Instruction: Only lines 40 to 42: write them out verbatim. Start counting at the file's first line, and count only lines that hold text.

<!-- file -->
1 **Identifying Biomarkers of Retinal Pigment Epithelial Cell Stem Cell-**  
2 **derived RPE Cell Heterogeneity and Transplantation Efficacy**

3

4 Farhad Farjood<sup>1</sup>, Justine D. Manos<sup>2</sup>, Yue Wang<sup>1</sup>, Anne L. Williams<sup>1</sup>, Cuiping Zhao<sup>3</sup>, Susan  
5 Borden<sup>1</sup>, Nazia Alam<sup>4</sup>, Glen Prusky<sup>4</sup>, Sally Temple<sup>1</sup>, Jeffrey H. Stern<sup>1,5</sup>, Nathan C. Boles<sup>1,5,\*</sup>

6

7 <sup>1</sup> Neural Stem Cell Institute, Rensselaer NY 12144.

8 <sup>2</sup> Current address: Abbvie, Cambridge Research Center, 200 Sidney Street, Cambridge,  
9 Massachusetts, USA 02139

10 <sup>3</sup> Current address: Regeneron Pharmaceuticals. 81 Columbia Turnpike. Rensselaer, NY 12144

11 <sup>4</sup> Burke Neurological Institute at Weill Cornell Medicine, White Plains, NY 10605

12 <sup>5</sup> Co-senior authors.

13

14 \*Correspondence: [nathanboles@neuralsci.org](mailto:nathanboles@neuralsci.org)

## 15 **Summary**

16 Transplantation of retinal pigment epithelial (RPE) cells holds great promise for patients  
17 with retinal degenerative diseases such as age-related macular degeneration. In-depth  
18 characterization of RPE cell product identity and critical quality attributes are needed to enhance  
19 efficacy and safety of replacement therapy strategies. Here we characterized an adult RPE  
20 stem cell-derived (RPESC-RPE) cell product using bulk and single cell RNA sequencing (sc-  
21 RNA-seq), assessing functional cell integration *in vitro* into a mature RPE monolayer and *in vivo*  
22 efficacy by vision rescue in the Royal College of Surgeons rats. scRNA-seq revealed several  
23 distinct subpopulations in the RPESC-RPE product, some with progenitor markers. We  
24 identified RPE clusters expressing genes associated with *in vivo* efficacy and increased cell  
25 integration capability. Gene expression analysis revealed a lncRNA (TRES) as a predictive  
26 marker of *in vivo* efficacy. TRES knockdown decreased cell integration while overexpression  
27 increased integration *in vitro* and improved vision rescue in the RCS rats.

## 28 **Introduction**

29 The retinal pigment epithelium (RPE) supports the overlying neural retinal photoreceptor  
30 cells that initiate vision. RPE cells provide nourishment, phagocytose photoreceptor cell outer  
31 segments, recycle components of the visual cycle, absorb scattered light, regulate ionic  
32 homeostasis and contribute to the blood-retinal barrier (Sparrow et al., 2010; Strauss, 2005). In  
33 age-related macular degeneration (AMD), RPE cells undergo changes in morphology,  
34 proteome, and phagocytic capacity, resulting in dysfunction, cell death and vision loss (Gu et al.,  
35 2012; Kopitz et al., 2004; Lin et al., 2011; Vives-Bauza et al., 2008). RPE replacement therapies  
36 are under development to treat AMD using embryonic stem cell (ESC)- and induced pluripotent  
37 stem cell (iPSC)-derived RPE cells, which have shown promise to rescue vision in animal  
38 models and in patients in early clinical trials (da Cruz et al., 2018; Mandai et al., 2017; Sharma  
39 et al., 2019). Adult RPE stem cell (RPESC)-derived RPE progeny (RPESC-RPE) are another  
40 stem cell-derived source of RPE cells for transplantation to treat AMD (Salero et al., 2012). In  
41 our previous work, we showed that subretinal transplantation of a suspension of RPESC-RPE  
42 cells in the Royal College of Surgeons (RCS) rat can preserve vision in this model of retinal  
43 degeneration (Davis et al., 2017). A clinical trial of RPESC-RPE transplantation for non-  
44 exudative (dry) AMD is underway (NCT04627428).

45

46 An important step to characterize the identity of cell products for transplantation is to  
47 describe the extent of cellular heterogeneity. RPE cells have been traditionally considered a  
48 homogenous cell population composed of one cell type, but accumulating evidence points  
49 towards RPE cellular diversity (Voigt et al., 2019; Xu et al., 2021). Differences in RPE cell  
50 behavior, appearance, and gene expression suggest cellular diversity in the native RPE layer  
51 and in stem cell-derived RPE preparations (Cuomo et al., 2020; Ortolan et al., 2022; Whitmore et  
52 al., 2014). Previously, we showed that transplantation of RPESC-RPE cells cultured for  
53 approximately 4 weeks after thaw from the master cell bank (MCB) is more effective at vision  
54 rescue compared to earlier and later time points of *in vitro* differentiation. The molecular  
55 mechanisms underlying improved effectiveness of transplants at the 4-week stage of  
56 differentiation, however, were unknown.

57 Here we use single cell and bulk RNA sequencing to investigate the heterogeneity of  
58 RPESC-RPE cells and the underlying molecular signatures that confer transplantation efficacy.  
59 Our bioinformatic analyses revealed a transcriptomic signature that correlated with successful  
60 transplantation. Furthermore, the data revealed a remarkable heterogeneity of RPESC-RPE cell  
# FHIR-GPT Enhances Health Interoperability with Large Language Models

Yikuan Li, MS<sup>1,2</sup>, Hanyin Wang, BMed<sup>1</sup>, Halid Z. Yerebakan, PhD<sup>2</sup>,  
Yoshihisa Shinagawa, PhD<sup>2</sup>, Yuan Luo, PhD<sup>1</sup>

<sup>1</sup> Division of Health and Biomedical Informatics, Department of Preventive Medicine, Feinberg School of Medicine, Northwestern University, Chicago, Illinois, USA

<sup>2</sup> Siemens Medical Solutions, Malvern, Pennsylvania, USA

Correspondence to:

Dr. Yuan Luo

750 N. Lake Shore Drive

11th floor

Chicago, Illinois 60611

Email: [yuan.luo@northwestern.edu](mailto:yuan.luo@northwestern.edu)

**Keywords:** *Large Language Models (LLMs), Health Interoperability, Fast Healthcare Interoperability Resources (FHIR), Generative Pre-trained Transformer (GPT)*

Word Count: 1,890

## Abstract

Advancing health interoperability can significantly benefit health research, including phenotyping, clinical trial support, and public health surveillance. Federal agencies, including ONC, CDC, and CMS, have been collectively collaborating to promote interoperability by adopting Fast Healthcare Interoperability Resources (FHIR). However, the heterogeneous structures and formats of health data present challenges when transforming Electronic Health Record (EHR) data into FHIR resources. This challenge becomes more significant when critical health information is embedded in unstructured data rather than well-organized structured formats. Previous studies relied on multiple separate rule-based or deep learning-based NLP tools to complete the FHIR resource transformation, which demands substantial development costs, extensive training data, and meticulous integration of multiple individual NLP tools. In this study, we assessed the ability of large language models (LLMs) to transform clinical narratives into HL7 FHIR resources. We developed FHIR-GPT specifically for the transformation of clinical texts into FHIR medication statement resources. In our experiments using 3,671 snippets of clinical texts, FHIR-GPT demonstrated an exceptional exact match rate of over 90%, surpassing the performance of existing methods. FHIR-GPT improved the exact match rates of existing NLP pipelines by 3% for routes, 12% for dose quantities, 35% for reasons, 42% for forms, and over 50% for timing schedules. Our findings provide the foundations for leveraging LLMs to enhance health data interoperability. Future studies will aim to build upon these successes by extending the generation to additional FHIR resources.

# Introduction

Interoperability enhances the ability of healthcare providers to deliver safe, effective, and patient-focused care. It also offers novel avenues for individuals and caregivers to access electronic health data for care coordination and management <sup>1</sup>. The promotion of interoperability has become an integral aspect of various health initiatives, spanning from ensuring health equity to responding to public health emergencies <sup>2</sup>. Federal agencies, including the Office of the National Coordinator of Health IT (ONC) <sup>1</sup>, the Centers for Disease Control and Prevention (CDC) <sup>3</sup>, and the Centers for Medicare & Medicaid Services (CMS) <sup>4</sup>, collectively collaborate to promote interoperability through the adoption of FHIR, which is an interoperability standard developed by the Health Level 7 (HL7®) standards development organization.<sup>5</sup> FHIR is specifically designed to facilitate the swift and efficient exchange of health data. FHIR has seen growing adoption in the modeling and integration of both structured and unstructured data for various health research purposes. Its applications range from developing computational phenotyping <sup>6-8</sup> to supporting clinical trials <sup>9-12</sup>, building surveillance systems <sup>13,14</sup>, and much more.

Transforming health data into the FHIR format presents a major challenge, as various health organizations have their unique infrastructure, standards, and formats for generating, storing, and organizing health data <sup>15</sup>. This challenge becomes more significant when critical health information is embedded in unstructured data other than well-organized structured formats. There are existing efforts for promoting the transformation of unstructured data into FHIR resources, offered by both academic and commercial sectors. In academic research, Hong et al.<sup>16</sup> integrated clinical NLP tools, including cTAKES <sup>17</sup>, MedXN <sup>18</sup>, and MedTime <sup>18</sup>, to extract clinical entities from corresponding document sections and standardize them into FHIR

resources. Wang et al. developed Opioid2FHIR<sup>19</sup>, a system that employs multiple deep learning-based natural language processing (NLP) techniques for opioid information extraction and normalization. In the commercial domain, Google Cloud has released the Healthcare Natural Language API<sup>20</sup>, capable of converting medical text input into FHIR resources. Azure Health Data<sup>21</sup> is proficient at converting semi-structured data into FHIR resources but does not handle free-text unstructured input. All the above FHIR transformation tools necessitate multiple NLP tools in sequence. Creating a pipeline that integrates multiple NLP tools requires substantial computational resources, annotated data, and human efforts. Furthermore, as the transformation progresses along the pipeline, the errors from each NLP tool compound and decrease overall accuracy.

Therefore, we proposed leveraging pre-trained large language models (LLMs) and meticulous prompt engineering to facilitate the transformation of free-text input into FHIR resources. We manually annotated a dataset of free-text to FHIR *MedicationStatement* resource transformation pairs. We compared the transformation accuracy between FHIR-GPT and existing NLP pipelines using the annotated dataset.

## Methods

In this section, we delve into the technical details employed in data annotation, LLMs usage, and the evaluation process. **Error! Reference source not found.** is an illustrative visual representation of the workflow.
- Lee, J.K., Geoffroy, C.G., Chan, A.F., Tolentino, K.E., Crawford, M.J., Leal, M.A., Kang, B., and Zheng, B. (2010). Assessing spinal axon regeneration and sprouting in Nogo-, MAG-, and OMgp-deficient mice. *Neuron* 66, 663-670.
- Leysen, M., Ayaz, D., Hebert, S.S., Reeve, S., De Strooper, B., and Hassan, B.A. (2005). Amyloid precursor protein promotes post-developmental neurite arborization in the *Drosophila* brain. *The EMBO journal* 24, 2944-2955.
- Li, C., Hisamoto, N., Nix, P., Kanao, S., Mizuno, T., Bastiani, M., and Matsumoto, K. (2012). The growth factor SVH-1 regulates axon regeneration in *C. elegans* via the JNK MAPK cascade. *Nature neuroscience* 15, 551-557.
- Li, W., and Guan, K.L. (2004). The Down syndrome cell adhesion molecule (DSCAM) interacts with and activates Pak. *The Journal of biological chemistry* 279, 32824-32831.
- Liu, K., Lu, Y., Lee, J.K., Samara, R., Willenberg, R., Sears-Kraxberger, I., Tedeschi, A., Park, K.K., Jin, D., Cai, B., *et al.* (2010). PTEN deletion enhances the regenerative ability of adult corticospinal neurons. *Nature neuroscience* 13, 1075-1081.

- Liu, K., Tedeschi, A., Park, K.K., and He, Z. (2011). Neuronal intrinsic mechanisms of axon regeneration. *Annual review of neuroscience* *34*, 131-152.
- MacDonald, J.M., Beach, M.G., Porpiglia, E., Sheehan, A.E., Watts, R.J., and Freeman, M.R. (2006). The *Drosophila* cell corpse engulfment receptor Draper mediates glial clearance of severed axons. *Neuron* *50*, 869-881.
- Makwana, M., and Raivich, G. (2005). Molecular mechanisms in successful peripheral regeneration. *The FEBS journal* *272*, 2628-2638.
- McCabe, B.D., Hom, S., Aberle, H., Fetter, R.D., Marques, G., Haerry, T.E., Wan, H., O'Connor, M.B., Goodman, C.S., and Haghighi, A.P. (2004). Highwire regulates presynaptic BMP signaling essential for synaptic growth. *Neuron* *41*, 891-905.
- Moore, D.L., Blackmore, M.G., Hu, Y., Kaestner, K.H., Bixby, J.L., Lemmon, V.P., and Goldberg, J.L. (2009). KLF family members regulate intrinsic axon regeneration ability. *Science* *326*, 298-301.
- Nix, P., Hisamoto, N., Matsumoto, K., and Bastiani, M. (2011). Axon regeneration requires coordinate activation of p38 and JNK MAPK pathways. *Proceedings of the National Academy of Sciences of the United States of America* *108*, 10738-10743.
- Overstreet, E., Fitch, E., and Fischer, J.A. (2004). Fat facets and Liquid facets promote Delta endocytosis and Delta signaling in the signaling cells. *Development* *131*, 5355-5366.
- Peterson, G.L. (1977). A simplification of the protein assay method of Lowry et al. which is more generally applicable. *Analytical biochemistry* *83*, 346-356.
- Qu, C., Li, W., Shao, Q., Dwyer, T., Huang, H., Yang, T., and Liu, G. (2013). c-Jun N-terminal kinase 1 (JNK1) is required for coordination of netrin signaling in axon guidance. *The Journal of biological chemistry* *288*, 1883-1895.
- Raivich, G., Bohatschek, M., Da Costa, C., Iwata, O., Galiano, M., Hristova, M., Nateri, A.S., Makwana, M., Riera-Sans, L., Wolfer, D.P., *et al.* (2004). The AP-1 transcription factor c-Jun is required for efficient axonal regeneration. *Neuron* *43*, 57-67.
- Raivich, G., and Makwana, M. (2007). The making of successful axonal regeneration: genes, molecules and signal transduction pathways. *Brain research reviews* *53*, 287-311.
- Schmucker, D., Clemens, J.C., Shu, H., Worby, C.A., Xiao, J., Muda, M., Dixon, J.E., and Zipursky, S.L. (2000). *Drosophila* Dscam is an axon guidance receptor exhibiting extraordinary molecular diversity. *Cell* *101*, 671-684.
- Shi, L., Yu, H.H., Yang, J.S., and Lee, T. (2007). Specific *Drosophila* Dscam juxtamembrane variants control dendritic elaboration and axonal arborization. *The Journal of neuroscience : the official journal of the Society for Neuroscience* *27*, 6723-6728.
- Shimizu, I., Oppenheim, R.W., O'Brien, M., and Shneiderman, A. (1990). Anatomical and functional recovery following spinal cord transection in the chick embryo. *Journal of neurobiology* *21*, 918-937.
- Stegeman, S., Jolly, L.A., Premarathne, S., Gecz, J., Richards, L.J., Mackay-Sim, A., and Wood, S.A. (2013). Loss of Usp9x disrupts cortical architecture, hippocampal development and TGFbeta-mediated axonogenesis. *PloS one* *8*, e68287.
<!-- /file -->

40 stem cell-derived source of RPE cells for transplantation to treat AMD (Salero et al., 2012). In  
41 our previous work, we showed that subretinal transplantation of a suspension of RPESC-RPE  
42 cells in the Royal College of Surgeons (RCS) rat can preserve vision in this model of retinal  